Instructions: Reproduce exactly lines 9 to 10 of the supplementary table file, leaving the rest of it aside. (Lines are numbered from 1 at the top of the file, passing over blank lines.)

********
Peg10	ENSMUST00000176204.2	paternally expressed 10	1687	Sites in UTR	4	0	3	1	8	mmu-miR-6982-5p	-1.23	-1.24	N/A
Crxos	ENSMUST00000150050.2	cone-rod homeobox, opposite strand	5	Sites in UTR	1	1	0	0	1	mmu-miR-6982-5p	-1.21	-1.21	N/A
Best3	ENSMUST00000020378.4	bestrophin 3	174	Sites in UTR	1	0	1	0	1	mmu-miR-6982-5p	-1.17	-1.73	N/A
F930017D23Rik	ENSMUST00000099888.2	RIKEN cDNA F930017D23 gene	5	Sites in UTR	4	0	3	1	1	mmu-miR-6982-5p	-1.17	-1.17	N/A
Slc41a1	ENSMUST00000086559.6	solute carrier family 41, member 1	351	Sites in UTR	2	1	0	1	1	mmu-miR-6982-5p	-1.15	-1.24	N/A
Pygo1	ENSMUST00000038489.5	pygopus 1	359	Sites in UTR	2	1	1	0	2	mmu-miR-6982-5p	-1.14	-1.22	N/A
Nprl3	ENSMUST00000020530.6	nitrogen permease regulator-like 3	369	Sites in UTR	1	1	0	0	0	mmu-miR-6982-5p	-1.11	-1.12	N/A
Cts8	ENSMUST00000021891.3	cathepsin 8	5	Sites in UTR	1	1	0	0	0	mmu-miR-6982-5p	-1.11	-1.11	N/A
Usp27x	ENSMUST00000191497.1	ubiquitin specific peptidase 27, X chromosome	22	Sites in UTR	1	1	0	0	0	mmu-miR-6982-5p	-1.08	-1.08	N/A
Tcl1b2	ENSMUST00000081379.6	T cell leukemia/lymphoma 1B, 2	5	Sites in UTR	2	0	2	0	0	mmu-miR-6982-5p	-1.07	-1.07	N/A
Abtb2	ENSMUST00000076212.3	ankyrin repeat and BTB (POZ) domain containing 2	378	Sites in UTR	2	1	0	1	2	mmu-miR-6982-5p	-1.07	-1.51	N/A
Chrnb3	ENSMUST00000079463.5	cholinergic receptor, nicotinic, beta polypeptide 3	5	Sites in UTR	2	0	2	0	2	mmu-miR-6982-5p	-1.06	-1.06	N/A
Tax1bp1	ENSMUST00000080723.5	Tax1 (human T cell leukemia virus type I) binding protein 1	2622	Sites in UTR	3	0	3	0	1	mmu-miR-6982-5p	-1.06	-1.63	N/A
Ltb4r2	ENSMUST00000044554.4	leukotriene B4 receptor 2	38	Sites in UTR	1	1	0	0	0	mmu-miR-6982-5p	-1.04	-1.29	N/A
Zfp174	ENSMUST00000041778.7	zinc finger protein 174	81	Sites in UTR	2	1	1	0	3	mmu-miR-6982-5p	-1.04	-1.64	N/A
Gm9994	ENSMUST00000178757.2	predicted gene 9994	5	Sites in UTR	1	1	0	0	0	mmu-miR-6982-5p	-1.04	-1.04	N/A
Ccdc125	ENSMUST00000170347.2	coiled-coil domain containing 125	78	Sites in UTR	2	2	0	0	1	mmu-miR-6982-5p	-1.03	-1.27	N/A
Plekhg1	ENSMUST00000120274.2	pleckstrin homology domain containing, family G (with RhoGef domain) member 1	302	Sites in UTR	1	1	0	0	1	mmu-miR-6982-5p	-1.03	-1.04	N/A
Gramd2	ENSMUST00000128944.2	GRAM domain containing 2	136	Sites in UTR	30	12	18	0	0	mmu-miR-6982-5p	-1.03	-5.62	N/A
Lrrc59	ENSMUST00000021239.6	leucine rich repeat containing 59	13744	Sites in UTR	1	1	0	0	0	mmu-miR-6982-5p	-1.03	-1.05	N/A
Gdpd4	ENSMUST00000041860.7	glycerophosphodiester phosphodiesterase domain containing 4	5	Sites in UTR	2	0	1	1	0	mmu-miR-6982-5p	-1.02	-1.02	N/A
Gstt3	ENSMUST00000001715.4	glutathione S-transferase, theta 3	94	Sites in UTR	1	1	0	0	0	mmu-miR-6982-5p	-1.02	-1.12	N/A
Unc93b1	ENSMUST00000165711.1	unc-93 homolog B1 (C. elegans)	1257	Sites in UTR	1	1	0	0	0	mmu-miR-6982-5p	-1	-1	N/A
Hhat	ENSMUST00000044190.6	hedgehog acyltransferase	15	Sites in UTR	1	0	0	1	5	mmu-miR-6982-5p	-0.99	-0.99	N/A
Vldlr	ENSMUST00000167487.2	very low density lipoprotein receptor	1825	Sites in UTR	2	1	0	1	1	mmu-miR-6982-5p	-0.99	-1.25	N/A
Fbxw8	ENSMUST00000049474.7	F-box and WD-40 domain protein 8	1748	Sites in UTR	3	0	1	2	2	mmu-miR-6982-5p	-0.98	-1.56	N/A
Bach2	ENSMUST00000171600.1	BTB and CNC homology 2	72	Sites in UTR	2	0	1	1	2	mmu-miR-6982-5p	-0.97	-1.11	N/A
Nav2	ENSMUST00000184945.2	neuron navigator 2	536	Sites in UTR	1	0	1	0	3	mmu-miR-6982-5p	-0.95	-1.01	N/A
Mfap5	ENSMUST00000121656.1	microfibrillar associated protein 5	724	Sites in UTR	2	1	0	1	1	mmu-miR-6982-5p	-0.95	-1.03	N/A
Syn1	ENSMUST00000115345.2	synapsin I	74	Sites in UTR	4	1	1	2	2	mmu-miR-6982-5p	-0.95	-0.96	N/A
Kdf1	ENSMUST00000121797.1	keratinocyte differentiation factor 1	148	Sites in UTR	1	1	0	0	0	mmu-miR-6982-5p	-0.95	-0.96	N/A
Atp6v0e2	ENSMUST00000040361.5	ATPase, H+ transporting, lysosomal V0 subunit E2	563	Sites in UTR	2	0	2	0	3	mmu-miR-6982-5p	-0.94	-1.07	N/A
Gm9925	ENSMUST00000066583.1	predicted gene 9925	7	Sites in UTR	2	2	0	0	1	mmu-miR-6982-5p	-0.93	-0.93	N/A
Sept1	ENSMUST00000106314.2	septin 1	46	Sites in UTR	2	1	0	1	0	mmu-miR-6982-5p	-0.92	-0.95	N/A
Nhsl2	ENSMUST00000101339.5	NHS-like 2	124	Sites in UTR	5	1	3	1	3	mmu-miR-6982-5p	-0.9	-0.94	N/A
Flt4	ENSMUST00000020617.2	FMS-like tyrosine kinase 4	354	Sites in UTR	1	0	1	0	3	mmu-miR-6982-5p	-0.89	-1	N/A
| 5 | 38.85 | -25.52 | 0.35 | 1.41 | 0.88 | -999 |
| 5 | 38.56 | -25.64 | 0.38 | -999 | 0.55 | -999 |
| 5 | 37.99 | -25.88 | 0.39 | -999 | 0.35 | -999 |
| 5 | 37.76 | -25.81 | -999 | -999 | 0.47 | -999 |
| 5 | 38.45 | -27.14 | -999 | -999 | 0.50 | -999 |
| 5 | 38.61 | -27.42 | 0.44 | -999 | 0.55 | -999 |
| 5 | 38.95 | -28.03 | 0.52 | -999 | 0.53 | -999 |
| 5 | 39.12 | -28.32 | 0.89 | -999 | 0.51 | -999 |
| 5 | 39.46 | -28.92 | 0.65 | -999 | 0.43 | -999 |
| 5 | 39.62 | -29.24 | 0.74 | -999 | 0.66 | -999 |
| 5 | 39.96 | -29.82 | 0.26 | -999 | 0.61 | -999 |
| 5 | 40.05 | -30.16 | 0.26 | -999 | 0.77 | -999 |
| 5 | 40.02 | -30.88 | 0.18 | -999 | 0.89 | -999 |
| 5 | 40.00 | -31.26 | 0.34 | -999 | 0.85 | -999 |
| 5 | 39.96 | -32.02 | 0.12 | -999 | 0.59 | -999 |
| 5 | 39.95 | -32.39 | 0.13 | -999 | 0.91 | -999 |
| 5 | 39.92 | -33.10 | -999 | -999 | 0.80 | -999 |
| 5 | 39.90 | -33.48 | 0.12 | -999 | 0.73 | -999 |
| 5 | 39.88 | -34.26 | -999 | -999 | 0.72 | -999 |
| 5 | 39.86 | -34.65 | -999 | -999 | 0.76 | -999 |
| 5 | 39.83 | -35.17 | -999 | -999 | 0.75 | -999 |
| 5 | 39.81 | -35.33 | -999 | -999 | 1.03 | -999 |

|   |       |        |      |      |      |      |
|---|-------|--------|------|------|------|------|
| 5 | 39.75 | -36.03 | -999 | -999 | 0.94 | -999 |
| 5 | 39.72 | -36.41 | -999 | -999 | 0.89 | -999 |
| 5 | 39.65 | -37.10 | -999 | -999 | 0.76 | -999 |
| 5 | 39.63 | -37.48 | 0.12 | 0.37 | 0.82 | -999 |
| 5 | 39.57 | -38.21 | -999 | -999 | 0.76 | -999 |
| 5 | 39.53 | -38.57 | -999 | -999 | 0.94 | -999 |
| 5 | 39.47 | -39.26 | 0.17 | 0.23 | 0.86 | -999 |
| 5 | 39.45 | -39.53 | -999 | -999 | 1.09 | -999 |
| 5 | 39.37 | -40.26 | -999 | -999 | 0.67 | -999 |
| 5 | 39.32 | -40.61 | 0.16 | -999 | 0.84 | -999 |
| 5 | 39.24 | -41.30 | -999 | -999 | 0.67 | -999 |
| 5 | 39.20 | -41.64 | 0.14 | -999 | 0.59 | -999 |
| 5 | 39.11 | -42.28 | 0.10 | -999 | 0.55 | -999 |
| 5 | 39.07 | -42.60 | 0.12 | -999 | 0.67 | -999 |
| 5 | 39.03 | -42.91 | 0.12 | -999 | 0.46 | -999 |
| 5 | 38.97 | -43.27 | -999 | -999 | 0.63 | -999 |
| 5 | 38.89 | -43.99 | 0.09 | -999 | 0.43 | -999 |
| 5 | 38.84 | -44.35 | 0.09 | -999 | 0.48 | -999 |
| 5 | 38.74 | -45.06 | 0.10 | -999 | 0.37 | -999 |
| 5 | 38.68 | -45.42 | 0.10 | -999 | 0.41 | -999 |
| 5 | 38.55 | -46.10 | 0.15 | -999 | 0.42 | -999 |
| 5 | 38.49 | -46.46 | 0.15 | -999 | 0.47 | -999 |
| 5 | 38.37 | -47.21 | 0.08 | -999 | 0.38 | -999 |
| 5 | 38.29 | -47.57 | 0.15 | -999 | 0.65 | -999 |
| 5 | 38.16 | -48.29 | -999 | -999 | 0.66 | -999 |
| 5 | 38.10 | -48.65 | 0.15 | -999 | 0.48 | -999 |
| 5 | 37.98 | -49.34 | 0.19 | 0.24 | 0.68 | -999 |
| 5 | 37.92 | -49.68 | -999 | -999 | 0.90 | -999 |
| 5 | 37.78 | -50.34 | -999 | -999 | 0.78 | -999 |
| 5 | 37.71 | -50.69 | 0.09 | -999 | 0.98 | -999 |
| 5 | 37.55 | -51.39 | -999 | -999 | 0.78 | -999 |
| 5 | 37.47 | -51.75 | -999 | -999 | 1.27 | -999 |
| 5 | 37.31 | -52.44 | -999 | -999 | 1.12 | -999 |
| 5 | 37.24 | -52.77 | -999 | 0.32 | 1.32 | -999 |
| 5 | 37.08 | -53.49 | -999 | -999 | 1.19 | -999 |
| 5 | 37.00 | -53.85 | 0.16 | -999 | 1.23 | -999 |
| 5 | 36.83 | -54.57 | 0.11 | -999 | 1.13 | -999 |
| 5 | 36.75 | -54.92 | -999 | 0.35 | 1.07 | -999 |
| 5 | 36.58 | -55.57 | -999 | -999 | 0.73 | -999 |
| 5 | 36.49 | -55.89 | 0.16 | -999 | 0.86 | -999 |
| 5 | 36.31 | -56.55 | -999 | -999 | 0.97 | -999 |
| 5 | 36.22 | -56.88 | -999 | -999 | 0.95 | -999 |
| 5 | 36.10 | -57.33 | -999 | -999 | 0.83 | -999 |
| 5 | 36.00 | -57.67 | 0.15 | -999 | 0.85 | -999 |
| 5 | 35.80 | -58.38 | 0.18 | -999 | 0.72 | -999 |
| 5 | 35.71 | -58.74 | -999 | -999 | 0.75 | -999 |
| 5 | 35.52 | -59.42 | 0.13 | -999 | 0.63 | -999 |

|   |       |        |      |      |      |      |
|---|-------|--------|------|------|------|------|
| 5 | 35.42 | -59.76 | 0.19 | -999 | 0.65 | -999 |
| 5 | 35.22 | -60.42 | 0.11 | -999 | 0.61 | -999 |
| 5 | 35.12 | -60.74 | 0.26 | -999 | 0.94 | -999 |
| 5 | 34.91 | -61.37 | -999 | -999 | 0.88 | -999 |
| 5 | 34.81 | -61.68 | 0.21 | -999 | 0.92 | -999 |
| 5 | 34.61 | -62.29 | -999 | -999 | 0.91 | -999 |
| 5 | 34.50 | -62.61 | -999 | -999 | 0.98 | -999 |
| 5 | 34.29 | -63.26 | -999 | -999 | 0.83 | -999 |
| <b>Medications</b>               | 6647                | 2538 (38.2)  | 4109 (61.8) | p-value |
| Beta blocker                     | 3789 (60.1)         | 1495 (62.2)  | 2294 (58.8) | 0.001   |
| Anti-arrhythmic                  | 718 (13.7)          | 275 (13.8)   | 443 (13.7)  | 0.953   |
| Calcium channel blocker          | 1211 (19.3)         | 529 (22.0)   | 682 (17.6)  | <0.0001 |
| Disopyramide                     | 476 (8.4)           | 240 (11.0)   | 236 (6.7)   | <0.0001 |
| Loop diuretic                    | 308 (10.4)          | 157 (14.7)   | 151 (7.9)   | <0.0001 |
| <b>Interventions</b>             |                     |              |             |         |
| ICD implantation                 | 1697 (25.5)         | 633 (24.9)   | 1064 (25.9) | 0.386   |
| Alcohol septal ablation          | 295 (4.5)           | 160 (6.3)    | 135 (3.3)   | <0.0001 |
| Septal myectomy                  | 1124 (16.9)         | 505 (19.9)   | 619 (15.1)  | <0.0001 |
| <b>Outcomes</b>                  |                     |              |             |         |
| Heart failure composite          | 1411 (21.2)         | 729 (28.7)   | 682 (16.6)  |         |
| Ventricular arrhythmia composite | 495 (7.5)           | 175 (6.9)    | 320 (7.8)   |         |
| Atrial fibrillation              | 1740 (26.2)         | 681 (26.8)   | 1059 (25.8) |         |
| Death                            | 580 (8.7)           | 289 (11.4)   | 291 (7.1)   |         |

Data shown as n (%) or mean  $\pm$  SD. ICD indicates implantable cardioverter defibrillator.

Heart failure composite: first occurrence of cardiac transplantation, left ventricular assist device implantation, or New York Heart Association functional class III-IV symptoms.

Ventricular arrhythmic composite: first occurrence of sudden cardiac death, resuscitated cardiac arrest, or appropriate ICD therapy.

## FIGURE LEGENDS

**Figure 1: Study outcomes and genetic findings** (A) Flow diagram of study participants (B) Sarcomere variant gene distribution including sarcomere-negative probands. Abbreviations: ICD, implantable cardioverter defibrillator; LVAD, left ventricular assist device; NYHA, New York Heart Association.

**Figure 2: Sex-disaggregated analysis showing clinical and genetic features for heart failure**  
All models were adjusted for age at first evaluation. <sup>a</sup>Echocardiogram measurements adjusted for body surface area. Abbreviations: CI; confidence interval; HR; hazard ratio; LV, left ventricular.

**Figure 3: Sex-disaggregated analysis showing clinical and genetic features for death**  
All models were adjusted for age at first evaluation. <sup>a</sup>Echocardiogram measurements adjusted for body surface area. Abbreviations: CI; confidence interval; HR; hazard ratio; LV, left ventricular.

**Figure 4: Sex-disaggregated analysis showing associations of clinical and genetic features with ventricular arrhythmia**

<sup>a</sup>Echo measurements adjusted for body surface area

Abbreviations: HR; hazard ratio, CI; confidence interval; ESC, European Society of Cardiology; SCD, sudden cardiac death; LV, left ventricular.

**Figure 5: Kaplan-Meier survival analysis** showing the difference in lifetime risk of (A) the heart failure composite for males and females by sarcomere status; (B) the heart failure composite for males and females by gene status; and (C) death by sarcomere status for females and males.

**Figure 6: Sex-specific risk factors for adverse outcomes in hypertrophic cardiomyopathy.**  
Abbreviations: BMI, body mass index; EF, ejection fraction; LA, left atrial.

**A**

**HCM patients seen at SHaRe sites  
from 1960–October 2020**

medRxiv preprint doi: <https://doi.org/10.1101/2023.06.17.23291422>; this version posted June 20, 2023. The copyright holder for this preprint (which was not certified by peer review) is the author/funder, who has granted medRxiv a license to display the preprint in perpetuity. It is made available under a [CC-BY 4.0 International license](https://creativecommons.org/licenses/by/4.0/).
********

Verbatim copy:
Usp27x	ENSMUST00000191497.1	ubiquitin specific peptidase 27, X chromosome	22	Sites in UTR	1	1	0	0	0	mmu-miR-6982-5p	-1.08	-1.08	N/A
Tcl1b2	ENSMUST00000081379.6	T cell leukemia/lymphoma 1B, 2	5	Sites in UTR	2	0	2	0	0	mmu-miR-6982-5p	-1.07	-1.07	N/A